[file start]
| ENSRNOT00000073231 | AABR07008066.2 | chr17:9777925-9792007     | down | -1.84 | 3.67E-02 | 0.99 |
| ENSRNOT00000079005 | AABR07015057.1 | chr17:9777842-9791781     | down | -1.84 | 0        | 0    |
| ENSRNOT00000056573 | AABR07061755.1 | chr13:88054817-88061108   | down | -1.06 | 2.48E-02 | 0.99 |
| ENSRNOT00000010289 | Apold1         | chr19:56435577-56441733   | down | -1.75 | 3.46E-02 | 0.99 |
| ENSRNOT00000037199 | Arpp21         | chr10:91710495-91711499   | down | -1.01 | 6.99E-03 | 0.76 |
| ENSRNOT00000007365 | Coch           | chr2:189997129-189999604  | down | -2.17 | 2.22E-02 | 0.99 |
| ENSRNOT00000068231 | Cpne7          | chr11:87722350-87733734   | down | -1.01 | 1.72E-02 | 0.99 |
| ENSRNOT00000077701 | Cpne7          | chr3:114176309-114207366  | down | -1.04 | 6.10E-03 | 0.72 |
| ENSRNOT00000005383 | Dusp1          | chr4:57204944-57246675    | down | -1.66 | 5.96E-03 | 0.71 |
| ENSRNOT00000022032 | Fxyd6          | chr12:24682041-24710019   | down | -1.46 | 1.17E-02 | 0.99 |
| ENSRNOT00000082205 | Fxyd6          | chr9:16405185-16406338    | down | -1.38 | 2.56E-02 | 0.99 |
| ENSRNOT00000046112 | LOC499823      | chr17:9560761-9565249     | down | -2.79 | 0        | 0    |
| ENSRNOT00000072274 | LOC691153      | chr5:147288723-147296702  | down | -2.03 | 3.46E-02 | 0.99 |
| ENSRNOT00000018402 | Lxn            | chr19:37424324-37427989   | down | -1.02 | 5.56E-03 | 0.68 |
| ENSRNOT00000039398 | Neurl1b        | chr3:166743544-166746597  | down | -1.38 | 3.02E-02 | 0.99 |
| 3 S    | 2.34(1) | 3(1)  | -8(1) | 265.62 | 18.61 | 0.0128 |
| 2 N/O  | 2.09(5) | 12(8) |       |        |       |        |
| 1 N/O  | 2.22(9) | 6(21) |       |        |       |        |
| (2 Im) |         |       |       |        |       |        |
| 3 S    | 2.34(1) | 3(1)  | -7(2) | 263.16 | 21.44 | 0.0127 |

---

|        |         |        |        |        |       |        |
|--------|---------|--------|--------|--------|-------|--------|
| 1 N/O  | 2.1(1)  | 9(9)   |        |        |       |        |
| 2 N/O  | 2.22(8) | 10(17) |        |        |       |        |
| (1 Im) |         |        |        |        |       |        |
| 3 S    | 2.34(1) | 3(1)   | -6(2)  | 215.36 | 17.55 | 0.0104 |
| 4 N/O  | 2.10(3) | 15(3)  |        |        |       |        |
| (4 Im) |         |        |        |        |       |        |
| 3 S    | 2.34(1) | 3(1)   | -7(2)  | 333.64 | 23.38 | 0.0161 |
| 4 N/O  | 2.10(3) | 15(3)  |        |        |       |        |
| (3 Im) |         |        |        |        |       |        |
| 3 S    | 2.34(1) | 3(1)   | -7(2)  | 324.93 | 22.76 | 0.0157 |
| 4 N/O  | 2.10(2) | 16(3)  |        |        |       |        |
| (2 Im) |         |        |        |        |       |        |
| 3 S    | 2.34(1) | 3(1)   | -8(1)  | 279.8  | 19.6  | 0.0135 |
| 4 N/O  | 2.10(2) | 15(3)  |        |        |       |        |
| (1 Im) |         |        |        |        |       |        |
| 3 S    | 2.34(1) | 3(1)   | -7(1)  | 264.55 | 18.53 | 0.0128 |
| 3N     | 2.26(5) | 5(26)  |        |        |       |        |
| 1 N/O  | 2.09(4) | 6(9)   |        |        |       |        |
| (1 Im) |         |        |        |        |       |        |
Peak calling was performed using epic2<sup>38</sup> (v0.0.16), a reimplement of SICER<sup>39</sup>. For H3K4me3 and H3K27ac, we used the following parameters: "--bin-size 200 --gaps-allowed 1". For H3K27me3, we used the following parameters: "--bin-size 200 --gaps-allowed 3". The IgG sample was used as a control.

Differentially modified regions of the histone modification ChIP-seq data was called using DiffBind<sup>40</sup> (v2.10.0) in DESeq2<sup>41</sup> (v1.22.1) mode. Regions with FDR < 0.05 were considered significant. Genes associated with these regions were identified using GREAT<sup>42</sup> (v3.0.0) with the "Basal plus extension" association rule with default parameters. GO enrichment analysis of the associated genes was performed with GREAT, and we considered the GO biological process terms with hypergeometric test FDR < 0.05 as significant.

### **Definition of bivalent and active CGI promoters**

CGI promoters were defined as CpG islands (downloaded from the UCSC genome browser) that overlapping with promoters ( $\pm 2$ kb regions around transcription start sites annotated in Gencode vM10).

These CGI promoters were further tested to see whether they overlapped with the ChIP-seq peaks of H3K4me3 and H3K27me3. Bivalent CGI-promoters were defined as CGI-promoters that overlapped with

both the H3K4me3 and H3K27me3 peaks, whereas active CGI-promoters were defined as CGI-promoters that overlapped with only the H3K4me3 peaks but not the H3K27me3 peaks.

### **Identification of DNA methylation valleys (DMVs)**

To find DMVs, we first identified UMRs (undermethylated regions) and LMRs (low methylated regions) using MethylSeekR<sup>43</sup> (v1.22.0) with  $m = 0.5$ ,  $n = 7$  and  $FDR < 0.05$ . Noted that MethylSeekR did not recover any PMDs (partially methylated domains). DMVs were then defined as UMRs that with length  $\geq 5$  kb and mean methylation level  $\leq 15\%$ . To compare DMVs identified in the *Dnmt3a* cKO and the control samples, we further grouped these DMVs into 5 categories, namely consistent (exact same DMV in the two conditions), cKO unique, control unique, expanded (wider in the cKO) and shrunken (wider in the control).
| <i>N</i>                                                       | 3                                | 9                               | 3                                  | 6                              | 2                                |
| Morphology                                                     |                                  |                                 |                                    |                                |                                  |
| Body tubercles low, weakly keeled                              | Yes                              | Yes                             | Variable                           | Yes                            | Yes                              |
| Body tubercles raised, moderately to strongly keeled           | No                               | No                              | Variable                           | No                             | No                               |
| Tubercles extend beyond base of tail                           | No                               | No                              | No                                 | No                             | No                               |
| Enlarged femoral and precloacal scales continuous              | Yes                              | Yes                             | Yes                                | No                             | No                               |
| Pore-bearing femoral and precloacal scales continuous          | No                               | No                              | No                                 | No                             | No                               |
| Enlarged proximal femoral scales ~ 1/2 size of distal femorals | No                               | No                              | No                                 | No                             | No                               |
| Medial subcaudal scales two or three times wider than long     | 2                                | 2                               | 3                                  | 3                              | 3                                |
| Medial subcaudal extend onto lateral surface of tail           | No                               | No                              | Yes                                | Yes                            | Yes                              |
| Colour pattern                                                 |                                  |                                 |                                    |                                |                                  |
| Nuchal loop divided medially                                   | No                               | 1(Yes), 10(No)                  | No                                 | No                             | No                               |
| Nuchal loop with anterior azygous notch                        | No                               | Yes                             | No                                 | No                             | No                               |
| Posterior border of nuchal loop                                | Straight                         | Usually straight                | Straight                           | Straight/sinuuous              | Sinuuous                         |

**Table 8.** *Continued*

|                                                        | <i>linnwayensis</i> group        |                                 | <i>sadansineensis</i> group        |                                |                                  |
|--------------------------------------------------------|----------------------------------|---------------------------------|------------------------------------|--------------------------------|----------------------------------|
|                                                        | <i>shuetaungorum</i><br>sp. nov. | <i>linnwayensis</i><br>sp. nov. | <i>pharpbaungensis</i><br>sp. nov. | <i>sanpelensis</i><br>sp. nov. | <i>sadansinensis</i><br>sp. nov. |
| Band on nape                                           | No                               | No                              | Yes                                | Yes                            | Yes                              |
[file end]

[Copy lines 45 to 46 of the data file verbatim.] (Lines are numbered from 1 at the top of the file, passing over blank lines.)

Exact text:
### **Definition of bivalent and active CGI promoters**

CGI promoters were defined as CpG islands (downloaded from the UCSC genome browser) that overlapping with promoters ( $\pm 2$ kb regions around transcription start sites annotated in Gencode vM10).